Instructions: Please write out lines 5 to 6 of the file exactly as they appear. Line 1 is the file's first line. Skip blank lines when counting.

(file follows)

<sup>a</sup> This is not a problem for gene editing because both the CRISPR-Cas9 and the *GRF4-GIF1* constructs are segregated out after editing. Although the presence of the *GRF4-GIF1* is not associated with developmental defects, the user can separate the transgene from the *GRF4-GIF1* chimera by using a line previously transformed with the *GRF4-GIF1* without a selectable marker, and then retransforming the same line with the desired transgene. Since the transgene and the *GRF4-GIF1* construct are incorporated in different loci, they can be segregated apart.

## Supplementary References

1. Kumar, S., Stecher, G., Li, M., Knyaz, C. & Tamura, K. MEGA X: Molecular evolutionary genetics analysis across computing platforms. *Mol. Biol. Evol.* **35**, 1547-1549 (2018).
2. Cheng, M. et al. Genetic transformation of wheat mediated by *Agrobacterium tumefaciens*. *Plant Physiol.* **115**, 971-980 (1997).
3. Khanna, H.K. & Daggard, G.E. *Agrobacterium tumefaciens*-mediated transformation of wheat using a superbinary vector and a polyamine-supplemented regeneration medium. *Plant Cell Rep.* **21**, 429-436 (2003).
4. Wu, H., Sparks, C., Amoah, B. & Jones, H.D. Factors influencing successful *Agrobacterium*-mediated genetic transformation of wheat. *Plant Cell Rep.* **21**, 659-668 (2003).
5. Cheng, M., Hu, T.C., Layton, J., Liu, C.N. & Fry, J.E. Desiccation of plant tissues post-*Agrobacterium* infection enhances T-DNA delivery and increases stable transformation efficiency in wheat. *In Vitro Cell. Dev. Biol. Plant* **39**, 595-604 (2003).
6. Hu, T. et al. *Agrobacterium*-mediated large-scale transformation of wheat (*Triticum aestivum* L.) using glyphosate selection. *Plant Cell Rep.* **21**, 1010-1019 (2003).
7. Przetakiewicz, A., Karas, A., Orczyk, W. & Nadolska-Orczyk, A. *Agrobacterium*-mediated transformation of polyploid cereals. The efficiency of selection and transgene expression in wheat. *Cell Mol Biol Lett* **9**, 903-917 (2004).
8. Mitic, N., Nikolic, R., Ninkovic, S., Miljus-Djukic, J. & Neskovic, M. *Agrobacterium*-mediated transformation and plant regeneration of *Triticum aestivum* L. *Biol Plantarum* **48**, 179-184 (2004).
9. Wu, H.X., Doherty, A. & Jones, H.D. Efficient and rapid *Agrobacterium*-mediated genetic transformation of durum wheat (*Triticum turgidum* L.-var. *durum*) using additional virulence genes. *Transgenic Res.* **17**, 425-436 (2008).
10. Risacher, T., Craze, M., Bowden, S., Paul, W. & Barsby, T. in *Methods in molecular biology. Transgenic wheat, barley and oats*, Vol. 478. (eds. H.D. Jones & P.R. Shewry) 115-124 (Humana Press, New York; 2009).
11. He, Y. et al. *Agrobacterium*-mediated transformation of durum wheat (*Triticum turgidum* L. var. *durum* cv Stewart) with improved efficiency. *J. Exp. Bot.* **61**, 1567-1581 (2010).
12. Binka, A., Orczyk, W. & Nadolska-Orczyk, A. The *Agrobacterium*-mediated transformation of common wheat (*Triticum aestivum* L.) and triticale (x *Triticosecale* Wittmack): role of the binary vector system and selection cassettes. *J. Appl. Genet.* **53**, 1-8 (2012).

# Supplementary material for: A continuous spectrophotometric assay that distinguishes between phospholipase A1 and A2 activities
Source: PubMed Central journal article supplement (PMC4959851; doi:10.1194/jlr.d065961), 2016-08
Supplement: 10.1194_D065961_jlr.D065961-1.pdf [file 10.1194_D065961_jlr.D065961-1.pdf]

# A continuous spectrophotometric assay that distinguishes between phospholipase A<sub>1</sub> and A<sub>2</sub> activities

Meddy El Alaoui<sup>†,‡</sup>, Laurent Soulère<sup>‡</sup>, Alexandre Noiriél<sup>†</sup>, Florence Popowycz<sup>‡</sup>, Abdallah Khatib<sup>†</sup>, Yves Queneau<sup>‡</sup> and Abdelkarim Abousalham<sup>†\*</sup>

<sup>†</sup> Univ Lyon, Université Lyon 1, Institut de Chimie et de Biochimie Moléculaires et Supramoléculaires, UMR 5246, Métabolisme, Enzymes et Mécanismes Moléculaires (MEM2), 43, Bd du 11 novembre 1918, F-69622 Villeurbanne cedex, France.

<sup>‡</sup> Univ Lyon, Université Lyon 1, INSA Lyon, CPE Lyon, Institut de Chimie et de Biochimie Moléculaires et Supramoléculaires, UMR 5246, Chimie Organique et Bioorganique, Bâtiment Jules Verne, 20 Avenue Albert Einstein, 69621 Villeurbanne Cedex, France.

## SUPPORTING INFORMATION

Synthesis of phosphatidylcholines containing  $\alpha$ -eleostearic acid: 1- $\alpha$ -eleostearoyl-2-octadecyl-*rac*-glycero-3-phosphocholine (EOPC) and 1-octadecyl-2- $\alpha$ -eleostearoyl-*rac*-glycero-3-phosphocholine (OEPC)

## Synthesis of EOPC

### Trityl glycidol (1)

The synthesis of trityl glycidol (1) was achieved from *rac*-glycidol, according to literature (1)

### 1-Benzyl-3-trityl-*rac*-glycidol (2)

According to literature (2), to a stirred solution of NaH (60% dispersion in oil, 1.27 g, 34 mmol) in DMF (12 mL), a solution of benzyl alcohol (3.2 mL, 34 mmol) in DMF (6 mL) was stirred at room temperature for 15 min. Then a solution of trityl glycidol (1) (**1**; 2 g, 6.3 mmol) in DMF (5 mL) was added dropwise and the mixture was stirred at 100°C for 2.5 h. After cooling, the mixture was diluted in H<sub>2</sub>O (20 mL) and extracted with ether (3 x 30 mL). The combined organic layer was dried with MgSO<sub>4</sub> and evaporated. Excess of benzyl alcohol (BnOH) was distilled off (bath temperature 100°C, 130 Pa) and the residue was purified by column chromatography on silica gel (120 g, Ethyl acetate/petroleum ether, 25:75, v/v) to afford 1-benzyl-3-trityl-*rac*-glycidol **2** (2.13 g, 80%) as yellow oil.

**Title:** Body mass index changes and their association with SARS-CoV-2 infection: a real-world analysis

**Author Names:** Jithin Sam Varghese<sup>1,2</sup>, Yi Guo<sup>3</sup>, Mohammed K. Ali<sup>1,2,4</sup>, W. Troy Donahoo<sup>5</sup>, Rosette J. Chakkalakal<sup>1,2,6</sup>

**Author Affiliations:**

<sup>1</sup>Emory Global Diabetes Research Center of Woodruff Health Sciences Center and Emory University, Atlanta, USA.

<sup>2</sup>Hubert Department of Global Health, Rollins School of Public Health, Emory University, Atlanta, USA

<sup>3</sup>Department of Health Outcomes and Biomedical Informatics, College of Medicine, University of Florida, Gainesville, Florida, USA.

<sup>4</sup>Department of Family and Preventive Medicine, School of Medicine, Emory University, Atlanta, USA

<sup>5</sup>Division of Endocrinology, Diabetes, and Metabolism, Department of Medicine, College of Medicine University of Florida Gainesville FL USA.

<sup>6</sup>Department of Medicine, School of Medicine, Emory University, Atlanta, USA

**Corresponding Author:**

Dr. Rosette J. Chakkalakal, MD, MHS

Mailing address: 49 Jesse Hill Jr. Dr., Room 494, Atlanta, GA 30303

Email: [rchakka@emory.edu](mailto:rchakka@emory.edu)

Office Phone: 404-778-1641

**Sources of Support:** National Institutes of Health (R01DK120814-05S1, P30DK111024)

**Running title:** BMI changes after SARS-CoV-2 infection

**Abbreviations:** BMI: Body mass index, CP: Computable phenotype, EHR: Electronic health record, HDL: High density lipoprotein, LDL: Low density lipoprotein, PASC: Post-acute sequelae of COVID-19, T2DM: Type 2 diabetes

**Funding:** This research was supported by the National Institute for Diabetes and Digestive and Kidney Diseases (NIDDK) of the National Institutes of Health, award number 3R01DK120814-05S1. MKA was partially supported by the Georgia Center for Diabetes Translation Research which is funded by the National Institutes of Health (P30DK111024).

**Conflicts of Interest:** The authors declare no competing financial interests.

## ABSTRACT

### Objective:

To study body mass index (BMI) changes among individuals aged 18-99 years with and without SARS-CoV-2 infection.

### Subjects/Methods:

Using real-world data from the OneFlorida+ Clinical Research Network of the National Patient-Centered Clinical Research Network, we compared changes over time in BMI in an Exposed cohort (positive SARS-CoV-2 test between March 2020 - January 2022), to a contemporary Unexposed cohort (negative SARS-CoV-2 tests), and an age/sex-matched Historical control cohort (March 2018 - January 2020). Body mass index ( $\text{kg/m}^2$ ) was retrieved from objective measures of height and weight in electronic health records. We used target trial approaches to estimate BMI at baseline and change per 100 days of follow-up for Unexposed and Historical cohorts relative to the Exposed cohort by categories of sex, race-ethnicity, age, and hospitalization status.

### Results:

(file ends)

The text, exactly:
3. Khanna, H.K. & Daggard, G.E. *Agrobacterium tumefaciens*-mediated transformation of wheat using a superbinary vector and a polyamine-supplemented regeneration medium. *Plant Cell Rep.* **21**, 429-436 (2003).
4. Wu, H., Sparks, C., Amoah, B. & Jones, H.D. Factors influencing successful *Agrobacterium*-mediated genetic transformation of wheat. *Plant Cell Rep.* **21**, 659-668 (2003).